minimize is

The use of the median in this type of fitting provides a more robust method of fitting than the Least Squares method and is especially useful when the data contains outlying points.

When a fit is found, this method returns the parameters **a** and **b** and
a measure of the mean absolute deviation (in y) of the data points
from the fitted line.

A simple polynomial has the form:

where is the **j**th coefficient of a polynomial of degree **N**.
The method used to find a fit is just a generalization of the Least
Squares method extended to include more than two coefficients.

When a fit is found, this method returns the **N** coefficients and then
the **N** probable uncertainties in the estimates of the coefficients.
Finally, the chi-squared value of the fit is returned.

The method is identical to the Simple Polynomial Fit except that it uses Legendre Polynomials. Legendre Polynomials have the following recurrence relation:

where and .

When a fit is found, this method returns the **N** Legendre coefficients
and then the **N** probable uncertainties in the estimates of the coefficients.
Finally, the chi-squared value of the fit is returned.

This method tries to fit one or more Gaussians to the data.
In addition to the style (which must be ```gaussian`''),
the *number* of Gaussians to fit must be supplied.
Additional parameters may also be supplied to help the fitting routine.
For each Gaussian fit, there are three parameters used to describe it:
the amplitude, the X-peak position, and the full width at half the peak
amplitude (FWHM).
Or as an equation:

where is the amplitude of the **i**th Gaussian;
, the peak position;
and , the FWHM.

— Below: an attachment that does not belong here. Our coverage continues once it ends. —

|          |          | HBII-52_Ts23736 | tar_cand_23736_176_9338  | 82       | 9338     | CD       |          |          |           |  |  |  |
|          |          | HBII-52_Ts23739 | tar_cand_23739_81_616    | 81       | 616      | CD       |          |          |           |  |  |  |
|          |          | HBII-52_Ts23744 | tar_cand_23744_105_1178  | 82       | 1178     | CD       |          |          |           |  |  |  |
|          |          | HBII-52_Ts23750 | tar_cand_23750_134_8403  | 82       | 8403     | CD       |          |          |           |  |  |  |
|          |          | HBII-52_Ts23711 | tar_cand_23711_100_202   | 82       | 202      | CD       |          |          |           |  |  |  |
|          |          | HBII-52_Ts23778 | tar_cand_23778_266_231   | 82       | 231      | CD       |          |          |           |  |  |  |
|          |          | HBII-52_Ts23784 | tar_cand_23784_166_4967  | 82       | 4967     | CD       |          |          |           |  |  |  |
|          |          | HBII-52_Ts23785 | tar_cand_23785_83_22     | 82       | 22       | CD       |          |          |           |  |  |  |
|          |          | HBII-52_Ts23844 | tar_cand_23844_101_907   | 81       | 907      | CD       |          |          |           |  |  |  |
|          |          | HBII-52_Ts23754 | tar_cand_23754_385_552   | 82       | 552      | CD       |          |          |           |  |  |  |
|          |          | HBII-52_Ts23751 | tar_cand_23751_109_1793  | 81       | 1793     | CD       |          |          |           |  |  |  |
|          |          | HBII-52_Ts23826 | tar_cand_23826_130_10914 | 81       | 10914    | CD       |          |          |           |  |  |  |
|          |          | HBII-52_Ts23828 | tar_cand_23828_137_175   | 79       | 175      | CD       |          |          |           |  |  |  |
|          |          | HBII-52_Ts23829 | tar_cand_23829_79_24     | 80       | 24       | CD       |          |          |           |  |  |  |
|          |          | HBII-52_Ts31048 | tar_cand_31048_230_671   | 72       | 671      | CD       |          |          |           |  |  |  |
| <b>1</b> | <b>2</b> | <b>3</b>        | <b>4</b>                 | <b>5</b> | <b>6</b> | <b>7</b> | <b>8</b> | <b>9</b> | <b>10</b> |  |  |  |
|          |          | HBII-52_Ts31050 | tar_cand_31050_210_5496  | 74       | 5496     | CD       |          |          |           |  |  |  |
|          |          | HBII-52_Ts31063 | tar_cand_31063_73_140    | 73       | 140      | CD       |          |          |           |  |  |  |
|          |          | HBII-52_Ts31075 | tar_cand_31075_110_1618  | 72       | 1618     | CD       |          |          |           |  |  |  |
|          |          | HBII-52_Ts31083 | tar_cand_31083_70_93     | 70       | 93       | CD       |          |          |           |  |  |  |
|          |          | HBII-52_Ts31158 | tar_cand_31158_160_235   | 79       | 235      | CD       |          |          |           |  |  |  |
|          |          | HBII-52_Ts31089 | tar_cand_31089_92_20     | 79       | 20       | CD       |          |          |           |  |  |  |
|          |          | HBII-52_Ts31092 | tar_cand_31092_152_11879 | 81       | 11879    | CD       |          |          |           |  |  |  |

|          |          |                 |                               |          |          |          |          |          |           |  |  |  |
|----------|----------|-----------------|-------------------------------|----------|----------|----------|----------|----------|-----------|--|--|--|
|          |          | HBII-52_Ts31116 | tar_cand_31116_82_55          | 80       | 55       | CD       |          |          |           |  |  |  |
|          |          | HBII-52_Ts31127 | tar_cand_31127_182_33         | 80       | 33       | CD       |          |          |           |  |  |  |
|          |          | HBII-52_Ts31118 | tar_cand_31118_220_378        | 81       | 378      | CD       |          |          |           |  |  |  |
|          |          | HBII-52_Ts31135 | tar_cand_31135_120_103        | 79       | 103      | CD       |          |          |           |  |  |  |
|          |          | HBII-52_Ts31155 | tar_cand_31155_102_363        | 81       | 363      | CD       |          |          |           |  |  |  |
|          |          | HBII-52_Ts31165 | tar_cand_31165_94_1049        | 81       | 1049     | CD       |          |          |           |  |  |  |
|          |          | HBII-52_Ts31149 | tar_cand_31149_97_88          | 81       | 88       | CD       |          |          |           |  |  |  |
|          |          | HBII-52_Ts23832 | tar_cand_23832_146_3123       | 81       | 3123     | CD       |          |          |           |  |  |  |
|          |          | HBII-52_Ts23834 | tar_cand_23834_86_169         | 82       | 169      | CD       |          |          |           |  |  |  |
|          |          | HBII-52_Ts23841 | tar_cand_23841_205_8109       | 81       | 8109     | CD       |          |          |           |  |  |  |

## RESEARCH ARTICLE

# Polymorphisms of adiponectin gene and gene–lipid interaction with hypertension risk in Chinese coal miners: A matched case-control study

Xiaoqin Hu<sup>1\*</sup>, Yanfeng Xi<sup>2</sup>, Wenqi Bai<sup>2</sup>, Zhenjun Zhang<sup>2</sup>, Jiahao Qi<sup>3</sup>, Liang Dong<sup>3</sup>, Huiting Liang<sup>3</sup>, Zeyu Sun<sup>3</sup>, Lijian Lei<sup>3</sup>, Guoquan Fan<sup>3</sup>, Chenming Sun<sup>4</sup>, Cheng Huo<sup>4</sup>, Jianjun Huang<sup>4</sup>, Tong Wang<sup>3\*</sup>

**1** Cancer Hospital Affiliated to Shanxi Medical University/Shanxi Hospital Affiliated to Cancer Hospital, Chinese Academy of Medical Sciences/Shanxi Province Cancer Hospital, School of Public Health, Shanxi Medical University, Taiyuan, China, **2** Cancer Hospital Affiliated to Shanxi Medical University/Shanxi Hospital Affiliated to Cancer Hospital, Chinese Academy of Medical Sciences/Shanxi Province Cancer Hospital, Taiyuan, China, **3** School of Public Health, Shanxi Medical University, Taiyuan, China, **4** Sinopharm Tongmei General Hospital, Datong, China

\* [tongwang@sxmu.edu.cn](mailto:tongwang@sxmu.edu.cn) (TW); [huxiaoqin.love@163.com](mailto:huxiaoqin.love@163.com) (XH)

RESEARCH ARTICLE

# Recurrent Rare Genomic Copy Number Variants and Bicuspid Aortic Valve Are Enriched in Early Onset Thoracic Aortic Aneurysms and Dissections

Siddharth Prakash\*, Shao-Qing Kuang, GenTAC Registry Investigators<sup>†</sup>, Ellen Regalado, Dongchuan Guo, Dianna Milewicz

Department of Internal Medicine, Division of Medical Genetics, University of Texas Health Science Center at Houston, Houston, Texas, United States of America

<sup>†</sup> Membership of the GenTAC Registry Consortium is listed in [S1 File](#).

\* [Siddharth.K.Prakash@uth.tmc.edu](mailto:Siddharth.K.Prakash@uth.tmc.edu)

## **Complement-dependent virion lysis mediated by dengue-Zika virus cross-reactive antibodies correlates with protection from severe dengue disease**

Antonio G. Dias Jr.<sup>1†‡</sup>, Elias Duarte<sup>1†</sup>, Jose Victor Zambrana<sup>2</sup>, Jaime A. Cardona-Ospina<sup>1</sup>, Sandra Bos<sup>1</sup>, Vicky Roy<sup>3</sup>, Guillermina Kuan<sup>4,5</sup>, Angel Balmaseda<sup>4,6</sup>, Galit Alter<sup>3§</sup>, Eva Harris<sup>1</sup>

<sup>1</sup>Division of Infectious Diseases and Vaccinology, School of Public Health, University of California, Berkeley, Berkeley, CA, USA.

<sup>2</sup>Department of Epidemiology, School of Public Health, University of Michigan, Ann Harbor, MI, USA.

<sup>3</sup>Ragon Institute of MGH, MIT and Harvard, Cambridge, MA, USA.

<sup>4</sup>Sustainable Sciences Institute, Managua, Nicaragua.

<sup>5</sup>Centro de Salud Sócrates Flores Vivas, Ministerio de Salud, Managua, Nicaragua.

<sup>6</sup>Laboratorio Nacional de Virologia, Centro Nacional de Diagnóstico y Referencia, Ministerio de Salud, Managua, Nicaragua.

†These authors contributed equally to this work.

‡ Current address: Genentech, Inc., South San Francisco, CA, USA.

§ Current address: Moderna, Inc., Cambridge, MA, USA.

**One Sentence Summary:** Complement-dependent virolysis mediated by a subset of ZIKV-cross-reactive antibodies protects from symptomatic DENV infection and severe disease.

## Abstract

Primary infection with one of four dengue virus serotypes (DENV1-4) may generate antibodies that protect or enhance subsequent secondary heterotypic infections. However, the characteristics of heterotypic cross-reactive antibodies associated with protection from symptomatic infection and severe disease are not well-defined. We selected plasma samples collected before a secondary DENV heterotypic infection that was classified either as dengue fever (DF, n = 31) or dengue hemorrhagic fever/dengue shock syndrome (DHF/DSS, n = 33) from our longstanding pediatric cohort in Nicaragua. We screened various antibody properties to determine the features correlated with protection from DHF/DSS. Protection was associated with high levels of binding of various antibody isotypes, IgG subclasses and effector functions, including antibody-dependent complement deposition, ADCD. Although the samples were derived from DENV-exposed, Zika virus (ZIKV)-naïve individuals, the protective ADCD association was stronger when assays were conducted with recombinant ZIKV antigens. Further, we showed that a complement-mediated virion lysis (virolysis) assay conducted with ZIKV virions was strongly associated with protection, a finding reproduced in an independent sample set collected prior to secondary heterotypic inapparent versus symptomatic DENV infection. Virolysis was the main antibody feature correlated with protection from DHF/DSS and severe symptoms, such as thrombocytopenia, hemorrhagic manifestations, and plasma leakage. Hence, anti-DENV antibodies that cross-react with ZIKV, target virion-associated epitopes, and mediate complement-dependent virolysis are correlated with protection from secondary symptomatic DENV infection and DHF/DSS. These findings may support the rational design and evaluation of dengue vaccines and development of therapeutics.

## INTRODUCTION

The resulting curve will be the sum of the **N** Gaussians:

Note that if any of the supplied Gaussian terms are negative, they will be held fixed during the fitting.

When a fit is found, this method returns three coefficients for each Gaussian fit and the chi-square value of the fit.

There will be some data sets that should only have a subset fit.
This could be done by limiting the amount of data loaded into WIP.
But that is cumbersome at the least and error prone.
The `range` command
allows a portion of the data to be selected and subsequent fitting
will only pertain to this subset.
The range command can limit data in the X-axis direction only
or both the X and Y-axis directions.
If the range arguments in either direction are equal, then the range is
set as unlimited.
Examples of how to use this command are shown in Figure E.9.

The `plotfit` command
provides an easy way to display the results of a fit.
With no arguments, the fit is displayed over the entire X-axis range.
The first two optional arguments provide a way to limit the X-axis
extent of the displayed fit.
The third argument is an optional step size.
This permits a way to display the fit with finer or coarser resolution.
By default, the command will use the data in the X array
to guess a reasonable step size.
Figure E.9 provides an example of how this command is used.